Odd wee story this one. Former President of Sinn Fein has failed to overturn two former convictions for escape from internment on a technicality. [A lot of trouble just to avoid US Homeland security control checks on one time felons – Ed]
As for the stories behind the convictions, pure boy’s own stuff, with a comic twist..
[Adams] was among hundreds of people held without trial during the early years of Northern Ireland’s Troubles.
On Christmas Eve 1973, he was among four detainees stopped by wardens while allegedly trying to cut their way through the perimeter fencing.
All four made it through the wire and had been provided with clothing and money in a “well planned” escape bid when they were caught.
Mr Adams tried to escape again in July 1974 by switching with a kidnapped visitor who bore a “striking resemblance” to him, the court heard.
A man was taken from a bus stop in west Belfast to a house on the Falls Road where his hair was dyed and other changes were made to his appearance.
He was then driven to the prison where an attempt was made to substitute the man in place of Mr Adams.
So what were the grounds for the appeal? The BBC, again…
Their bid to overturn the convictions was based on government papers recovered from the National Archives in London.
They said that a junior minister had signed the necessary document in 1975, when it should have been the Northern Ireland secretary.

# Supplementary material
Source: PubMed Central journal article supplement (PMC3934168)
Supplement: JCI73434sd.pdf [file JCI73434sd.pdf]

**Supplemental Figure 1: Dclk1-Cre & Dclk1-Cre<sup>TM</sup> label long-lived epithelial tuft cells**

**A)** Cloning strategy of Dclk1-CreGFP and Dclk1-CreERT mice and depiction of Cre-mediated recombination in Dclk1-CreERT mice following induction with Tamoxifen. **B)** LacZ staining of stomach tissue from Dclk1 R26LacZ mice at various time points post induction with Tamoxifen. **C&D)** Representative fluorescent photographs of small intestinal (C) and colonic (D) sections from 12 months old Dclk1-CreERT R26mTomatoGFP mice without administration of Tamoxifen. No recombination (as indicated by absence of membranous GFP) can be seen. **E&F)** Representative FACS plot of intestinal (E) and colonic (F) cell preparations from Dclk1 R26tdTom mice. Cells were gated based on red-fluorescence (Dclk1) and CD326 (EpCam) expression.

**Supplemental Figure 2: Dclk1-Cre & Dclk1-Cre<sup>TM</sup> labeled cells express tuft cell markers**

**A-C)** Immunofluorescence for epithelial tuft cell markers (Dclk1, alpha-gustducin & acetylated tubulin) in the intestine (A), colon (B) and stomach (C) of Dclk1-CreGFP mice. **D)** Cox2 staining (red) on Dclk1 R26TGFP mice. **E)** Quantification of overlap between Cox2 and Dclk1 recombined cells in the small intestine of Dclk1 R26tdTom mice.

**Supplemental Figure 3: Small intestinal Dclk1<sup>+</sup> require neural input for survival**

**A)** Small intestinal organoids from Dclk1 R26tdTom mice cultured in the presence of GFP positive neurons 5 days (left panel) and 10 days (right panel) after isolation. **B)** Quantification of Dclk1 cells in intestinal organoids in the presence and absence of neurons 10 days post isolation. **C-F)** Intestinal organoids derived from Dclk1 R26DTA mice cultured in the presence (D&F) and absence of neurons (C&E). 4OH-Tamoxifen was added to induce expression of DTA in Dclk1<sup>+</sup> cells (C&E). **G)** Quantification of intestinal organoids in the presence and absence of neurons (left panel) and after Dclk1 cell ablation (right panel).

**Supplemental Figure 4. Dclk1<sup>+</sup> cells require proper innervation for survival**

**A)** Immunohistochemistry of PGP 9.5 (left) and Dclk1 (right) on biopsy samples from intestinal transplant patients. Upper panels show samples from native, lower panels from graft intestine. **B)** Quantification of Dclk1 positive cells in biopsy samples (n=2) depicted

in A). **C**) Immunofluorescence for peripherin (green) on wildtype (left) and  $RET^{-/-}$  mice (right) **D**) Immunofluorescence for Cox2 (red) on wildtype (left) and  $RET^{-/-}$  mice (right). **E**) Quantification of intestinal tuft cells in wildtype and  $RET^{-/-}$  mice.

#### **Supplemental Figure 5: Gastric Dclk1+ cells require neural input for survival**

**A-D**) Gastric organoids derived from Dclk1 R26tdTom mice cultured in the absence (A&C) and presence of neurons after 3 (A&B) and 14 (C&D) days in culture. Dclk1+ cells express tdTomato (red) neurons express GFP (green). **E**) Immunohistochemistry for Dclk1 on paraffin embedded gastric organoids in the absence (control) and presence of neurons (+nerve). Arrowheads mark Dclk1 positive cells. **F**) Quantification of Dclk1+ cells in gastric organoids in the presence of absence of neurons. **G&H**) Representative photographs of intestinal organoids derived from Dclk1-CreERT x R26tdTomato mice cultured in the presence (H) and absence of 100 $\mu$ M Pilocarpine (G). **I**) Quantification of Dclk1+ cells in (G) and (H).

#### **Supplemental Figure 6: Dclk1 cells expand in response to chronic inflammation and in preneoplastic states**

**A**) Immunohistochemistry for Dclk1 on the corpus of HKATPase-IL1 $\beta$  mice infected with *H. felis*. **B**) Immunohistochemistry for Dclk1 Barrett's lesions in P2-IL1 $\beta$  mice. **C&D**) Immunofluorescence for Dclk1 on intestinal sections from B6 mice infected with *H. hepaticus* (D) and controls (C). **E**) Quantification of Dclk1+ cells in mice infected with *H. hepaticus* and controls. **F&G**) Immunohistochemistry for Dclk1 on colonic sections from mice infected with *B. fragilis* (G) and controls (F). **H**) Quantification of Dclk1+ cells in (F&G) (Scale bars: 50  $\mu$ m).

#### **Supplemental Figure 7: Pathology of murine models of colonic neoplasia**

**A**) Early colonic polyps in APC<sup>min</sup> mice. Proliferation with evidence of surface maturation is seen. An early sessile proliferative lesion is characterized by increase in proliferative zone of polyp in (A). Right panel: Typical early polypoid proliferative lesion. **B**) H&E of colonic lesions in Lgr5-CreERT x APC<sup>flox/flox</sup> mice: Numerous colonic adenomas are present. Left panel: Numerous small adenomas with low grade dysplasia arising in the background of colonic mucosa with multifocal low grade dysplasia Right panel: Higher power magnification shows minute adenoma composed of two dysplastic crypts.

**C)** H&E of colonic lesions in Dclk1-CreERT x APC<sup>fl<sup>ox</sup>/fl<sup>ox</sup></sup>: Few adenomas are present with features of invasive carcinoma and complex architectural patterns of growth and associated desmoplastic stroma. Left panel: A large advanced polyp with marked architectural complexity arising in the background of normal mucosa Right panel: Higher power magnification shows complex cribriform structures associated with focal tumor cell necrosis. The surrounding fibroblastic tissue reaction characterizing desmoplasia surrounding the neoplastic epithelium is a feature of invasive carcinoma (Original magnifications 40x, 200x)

However, counsel for the Public Prosecution Service argued that a long-established legal doctrine allowed other ministerial figures to lawfully authorise Mr Adams’ internment.
The appeal with Lord Chief Justice Sir Declan Morgan, Sir Reg Weir and Sir Ronald Weatherup.
Sir Robert said: “We are satisfied that the decision to make the ICO (Interim Custody Order) could have been made by an appropriate person on behalf of the secretary of state.
“We are satisfied that the minister was an appropriate person.”
He added: “This court has been satisfied as to the validity of the ICO made by the minister on behalf of the secretary of state.”
Mick is founding editor of Slugger. He has written papers on the impacts of the Internet on politics and the wider media and is a regular guest and speaking events across Ireland, the UK and Europe. Twitter: @MickFealty